The cardinal is a stunning bird, but finding one around the human population could be difficult. Cardinals are well-known for their timidity and lack of aggression. It’s a state bird, songbird, sports mascot, and symbol of the winter season. Cardinals have a distinctive red or reddish-tan head crest and face mask, making them easily identifiable.
Here are some facts about juvenile cardinal birds that will help you better understand how they behave in the natural world.
1. Source of Their Red Feathers is Food
The carotenoids in their food give male juvenile cardinals bright red feathers and light brown to their female counterparts. Their feathers may turn a more brownish shade if these pigment-stimulating nutrients are in insufficient supply. Rarely yellow cardinals can also be seen; it is a genetic plumage variation known as xanthochroism.
2. Increased Growth Over Decades
A few decades ago, the Northern cardinal was more commonly seen in the South. As a result, they’ve begun to spread around north and west, particularly along with the Missouri and Mississippi River systems, where they now live. Why? It’s because they enjoy our gardening. To protect them, we plant a variety of trees and bushes.
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3. Mates for Life
These birds can pair for life. The pair can stay together as long as they can produce healthy offspring. Juvenile cardinals may “divorce” to raise more chicks if they can’t create healthy kids together anymore. Feeding together is also very common, with the male delivering seed to his mate in a “kiss” like motion.
4. Baldness in Cardinals
Occasionally, northern cardinals go bald, losing all their feathers and exposing their dark gray or black skin. Despite their striking appearance, molting is a normal aspect of their lives. This baldness may be caused by mites or parasite infections. However, the feathers come back after some time.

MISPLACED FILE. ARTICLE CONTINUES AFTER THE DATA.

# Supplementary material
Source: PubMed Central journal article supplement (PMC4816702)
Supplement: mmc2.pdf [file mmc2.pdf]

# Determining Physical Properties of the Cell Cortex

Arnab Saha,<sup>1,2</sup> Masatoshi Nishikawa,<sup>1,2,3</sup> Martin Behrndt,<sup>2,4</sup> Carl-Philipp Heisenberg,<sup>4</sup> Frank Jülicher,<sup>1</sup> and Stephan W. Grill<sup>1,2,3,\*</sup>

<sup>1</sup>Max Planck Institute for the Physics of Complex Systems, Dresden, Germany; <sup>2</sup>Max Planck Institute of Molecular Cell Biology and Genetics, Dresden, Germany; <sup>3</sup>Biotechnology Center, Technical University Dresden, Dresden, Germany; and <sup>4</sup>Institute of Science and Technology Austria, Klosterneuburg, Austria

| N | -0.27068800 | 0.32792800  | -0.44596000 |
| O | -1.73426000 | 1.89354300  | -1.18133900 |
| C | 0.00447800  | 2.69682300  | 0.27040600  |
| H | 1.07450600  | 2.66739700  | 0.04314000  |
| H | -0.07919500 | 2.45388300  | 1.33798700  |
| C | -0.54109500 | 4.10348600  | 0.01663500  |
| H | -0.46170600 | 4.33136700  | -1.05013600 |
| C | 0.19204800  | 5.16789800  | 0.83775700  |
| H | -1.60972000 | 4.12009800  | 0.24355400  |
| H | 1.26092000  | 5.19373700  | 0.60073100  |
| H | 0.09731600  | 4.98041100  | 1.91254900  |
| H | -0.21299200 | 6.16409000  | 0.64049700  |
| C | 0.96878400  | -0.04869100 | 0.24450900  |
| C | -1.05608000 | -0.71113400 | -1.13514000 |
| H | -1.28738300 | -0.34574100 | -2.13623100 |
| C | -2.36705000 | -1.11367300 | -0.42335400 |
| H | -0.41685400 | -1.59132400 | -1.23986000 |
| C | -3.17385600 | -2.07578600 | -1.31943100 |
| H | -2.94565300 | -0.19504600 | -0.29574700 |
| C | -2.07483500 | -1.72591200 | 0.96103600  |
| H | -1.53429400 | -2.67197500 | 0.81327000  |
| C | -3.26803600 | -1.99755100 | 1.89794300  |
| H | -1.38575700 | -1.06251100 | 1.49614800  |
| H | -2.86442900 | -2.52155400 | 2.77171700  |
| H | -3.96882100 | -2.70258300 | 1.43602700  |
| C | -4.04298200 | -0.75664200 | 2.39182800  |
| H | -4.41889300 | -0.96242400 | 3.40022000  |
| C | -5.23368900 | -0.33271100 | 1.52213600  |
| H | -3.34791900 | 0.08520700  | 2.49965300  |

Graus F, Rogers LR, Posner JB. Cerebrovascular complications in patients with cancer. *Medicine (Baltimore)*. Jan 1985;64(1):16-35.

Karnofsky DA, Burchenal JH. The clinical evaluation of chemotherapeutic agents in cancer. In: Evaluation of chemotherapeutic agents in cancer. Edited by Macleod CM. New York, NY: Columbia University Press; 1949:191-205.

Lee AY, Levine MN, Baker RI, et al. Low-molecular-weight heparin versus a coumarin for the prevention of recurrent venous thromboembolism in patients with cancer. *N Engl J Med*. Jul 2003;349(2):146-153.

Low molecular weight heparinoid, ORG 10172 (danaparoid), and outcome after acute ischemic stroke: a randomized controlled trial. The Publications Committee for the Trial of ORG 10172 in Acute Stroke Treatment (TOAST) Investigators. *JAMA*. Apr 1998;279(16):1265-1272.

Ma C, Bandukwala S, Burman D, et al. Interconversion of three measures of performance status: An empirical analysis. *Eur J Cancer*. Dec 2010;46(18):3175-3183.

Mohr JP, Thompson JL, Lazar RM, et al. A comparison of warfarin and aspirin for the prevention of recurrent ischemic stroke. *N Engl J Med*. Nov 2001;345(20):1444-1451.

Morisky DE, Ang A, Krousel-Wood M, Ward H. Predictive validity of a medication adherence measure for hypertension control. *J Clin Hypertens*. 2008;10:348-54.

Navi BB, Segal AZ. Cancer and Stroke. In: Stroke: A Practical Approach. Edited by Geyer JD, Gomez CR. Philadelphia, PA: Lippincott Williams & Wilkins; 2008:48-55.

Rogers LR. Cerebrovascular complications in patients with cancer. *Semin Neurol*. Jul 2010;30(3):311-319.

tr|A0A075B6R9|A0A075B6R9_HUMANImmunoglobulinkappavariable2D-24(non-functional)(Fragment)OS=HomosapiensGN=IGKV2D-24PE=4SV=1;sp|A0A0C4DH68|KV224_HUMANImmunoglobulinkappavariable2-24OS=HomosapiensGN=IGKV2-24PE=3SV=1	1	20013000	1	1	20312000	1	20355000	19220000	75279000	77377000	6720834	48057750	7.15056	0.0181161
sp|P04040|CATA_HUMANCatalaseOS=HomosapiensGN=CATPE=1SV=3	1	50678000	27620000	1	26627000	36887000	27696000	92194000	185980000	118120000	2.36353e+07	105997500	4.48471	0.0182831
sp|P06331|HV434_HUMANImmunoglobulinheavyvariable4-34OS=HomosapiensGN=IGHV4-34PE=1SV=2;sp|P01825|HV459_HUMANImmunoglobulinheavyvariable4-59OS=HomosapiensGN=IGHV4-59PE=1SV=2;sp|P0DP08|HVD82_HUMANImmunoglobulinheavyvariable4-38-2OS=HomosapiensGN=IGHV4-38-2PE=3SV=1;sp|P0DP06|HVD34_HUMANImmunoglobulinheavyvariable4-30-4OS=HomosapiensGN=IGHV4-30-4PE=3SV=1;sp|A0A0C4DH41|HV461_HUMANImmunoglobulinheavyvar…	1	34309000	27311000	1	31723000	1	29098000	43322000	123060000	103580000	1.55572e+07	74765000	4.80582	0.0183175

Non-migratory birds are those that do not travel for the winter months. Cardinals don’t travel far from their birthplace, making them non-migratory. Nesting shelves and cardinal feeders with an ample supply of food attract them.
6. Singing birds
Cardinals, both male, and female are excellent singers, with the males, in particular, being able to sing throughout the year. When a female is sitting on the nest, she may be singing to let her mate know that she needs extra food. In addition, females’ songs are frequently more ornate than those of males. A single cardinal can sing more than a dozen songs, and the songs of various cardinal populations can vary greatly.
7. Food Preferences
These birds eat seeds, which they shatter open with their strong beak. They can forage for various foods throughout the year since they eat a wide variety of fruits, berries, insects, and grains. These birds can adjust their food throughout the year.
The males of these birds can be hostile, and they’ll chase away any other males who try to enter their territory. Additionally, juvenile cardinals tend to go on a self-destructive rampage when they see themselves in mirrors, windows, chrome bumpers, and other reflective surfaces that they interpret as uninvited visitors.
Cardinals can be found in the eastern, central, southern, and southwestern parts of the United States, as well as in eastern Mexico and Belize. The “northern” component of the species name comes from its location as the northernmost of the cardinal species. Most other cardinals are migratory hummingbirds. Cardinals in the north do not move south.
10. Official State Bird
Seven states have designated northern cardinals as their official state bird, the most of any one species of bird. It is an official state bird of state, including Indiana; Illinois; Kentucky; North Carolina; Ohio; Virginia; West Virginia.
Juvenile cardinals eat seeds and fruits, which as result disseminate seeds for some plants. They may also impact the composition of plant groups because they act as seed dispersers, hence playing an important role in the sustenance of our ecosystem.